Two cargo ship crewmen tied to one of the largest drug busts in U.S. history told a federal judge Monday that they initially resisted but were ultimately powerless to turn down efforts to recruit them into a conspiracy to smuggle 20 tons of cocaine through the Port of Philadelphia.

Ivan Durasevic, 31, and Nenad Ilic, 41, both of Montenegro, said they were contacted by an anonymous representative from a powerful Balkan drug trafficking organization before they ever set sail aboard the MSC Gayane, the boat on which U.S. authorities discovered the $1 billion cocaine haul in June 2019.

Despite initially turning down offers of “astronomical sums” to join the smuggling effort, both men said they ultimately did so in fear for their own safety and that of their families.

“It simply was not a viable option for him to say no when he was recruited,” said Durasevic’s attorney, Mythri A. Jayaraman. “Recruited is too mild a word, he was coerced.”

The crewmen shared their fears as they faced sentencing Monday, after pleading guilty last year to one count of drug trafficking conspiracy. U.S. District Judge Harvey Bartle III ordered Durasevic, the Gayane’s second mate, and Ilic, an engineering cadet, to serve prison terms of six and a half and seven years, respectively.

Despite their claims of coercion, the judge said, both men made a choice to participate “in major, major drug activity — unprecedented — which could have resulted in the deaths of thousands of people.”

The defendants’ concerns about the gang behind the smuggling effort echoed those expressed by many of the five other Gayane crewmen who have already been sentenced in the case. Each was ordered to serve prison terms ranging from five to seven years. One more remains to be sentenced.

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In the time since the record-breaking cocaine haul was discovered, igniting a globe-spanning investigation, none of participants aboard the Gayane appears to have provided significant information on the organizers of the drug load.

Montenegro has been riven for years by gang violence linked to the lucrative European drug trade.

Plagued by corruption, double-digit unemployment, and other social ills stemming from the breakup of the former Yugoslavia in the 1990s, the tiny nation of mountains and coastlines on the Adriatic Sea has become a prime recruiting ground for two lucrative industries.

Global shipping companies like the Mediterranean Shipping Co., twothe Switzerland-based conglomerate that owned the Gayane, employ an estimated 7,000 Montenegrins. Meanwhile, clans of organized criminals — many of them originating in the tourist town of Kotor, where Durasevic’s family still lives — have attached themselves like barnacles to the shipping trade, targeting seamen as conspirators in their efforts to move their product.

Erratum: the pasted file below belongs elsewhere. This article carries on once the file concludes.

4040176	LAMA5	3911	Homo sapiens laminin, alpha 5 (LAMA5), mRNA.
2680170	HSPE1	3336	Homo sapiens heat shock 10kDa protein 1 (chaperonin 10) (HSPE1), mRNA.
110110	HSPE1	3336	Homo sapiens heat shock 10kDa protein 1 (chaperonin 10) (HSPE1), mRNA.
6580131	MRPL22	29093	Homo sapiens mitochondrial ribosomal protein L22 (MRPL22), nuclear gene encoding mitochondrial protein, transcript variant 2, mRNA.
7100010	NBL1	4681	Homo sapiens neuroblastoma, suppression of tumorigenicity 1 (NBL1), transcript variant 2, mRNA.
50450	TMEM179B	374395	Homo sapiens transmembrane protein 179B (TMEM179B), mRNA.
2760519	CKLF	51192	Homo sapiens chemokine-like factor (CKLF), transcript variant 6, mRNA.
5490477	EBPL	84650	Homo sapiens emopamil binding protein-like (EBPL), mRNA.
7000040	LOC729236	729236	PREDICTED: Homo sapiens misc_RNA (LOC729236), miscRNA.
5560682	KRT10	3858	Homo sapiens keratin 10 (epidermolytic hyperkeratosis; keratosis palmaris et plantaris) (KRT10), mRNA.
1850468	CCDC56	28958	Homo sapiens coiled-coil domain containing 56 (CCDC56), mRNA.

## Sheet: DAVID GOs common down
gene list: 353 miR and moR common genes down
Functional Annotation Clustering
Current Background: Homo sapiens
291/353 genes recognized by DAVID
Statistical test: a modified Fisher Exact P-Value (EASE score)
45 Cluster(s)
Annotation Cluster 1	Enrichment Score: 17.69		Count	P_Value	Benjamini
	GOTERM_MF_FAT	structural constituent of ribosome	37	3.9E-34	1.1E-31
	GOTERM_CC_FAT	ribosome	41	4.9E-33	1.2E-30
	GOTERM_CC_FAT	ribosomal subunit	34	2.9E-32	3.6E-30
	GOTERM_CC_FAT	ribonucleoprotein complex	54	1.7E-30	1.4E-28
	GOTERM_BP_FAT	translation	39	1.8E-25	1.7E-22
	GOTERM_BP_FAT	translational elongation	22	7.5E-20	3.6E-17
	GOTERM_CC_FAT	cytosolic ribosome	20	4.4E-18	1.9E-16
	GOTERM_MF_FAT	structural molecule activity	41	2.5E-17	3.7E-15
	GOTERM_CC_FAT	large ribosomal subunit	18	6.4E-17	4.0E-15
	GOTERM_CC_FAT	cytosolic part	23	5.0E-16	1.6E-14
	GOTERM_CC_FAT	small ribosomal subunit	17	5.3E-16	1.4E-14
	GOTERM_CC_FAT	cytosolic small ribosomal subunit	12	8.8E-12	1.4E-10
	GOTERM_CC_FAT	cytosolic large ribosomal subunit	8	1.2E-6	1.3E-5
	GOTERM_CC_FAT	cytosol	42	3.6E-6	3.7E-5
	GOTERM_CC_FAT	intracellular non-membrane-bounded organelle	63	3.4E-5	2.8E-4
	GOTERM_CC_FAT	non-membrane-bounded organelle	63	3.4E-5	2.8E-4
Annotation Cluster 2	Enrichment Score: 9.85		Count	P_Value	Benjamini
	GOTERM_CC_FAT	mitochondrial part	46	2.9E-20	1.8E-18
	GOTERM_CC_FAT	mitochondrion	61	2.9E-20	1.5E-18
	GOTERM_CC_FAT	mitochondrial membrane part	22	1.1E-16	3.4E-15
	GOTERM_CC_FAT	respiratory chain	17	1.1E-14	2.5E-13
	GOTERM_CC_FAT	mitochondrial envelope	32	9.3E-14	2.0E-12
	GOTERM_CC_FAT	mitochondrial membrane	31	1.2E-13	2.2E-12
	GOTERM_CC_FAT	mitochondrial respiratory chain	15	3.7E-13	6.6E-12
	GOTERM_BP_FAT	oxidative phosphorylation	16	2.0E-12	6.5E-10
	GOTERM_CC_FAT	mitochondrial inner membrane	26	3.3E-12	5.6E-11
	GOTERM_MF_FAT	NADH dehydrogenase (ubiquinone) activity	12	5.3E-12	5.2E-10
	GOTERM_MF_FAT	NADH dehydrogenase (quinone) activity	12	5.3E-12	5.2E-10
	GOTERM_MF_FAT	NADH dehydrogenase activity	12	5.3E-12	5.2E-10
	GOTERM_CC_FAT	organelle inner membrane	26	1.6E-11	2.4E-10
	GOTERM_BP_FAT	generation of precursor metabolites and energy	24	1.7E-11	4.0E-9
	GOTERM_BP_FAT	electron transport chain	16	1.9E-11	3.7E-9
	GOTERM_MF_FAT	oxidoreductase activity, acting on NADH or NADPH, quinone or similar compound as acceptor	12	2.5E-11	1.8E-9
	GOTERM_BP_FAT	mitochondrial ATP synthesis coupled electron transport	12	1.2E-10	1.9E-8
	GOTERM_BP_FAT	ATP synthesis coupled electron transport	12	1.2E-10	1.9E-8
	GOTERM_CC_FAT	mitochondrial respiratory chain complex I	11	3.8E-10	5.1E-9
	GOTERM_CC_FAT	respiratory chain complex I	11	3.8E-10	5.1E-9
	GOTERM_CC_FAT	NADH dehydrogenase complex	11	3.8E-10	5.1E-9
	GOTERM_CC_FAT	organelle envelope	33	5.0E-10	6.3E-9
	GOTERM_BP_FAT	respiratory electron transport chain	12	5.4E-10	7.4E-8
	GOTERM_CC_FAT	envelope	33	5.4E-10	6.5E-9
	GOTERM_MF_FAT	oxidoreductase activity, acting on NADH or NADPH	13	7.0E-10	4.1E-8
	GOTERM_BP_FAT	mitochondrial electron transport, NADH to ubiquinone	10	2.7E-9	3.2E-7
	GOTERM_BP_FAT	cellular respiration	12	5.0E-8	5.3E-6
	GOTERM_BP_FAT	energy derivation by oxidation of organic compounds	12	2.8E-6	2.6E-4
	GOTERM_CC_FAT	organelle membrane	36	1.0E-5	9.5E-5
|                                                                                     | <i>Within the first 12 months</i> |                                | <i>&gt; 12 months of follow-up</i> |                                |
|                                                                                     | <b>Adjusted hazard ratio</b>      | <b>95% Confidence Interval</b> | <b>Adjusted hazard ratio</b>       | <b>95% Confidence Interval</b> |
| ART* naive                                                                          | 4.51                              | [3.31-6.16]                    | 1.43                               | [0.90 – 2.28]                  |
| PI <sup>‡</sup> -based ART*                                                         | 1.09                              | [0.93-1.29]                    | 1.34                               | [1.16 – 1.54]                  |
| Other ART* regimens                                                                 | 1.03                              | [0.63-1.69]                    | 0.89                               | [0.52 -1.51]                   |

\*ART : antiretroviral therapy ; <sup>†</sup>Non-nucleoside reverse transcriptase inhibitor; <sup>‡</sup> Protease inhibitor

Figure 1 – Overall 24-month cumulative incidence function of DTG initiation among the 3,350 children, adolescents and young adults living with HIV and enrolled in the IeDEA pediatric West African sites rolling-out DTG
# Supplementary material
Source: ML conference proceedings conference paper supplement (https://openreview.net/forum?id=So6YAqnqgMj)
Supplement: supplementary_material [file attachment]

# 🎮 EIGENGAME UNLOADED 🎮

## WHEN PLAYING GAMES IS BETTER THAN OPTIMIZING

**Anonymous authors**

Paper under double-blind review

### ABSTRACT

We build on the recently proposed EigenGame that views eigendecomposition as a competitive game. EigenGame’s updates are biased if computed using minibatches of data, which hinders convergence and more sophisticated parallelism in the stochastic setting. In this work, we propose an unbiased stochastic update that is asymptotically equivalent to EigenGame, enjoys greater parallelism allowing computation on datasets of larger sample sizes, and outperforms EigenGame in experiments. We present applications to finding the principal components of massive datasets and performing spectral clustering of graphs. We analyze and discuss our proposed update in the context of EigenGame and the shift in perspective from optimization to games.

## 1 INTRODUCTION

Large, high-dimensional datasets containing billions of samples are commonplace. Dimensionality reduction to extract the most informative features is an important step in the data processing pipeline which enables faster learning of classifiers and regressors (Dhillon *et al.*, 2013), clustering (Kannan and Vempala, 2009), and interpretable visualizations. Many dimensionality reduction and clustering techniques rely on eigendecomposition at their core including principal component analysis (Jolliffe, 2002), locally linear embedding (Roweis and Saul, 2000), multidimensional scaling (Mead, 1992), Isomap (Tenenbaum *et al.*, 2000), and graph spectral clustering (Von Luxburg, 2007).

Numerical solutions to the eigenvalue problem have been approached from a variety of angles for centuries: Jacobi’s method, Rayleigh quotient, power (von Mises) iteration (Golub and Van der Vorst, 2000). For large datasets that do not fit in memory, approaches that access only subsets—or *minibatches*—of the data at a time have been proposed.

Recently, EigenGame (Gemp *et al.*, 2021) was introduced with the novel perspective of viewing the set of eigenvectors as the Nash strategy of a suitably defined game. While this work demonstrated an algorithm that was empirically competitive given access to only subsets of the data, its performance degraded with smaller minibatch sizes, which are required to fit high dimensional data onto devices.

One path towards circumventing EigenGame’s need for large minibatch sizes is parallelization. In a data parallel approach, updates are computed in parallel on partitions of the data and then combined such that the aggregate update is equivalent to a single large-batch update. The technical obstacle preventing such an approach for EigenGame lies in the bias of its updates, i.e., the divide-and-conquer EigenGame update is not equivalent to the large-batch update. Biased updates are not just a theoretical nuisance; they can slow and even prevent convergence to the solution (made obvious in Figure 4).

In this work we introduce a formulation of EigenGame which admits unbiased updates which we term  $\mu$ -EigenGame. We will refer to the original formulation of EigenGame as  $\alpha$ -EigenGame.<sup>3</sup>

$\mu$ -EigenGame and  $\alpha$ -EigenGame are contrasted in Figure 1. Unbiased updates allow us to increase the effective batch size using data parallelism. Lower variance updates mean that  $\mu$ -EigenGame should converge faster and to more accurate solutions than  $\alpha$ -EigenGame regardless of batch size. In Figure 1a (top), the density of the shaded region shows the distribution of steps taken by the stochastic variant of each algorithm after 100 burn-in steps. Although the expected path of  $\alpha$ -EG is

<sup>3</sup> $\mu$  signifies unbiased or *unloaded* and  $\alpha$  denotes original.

Ilic’s attorney, Dennis Cogan, said Monday that his client twice received anonymous phone calls — once before he set sail from Antwerp, Belgium, and again when while at sea — pressuring him to participate and offering him upward of $1 million for his efforts.

He still couldn’t say who initially recruited him. Saying yes to the man “was the worst thing he’s ever done,” Cogan said.

Durasevic, who said he was offered $200,000, was equally at a loss to explain. Even after he agreed to join the conspiracy, he tried to toss the phone the traffickers used to contact him during the journey overboard. They still managed to exert pressure upon him through other members of the crew, Jayaraman said.

“He did participate,” she said. “But he tried his best not to, despite the dangers involved.”

Prosecutors pushed back against the idea that Durasevic and Ilic were powerless to resist.

Durasevic, in particular, as the ship’s third-ranking officer, was in a key position to ensure that the loading of the drugs in secret went off as planned and that the illicit cargo went undetected as the Gayane made its way from port to port.

Using phones they had been given in advance, he and the others coordinated with the cocaine suppliers in South America to secretly load duffel bags filled with white bricks from speedboats that approached the Gayane under the cover of darkness during its journey between Panama and the Peruvian coast.

He recruited others on the ship to pitch in with the manual labor of hauling the drugs aboard and hiding them in shipping containers carrying cargo like wine, vegetable extract, Chilean dried nuts, scrap metal, and other legitimate goods bound for Europe, Africa, and Asia.

But when U.S. authorities intercepted the ship as it pulled into Philadelphia on its way to the Netherlands, it was Durasevic, Ilic, and their fellow crewmates who were left to pay the price — one made abundantly clear during their sentencing Monday.

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Durasevic’s family watched the proceedings by video from Montenegro, having had only a few opportunities to see him since his arrest in 2019.

His wife told the court she’d become pregnant shortly after he set sail on the Gayane and had since given birth to twins.

“He’s missed everything,” she told the court. “He’s never felt the heart of his own child. He’s never touched them. He’s never felt what it’s like to make his own child laugh.”

Durasevic, speaking through an interpreter, hung his head low.

“I feel horrible for what I’ve done,” he said. “I’m missing everything important that’s happening in my life.”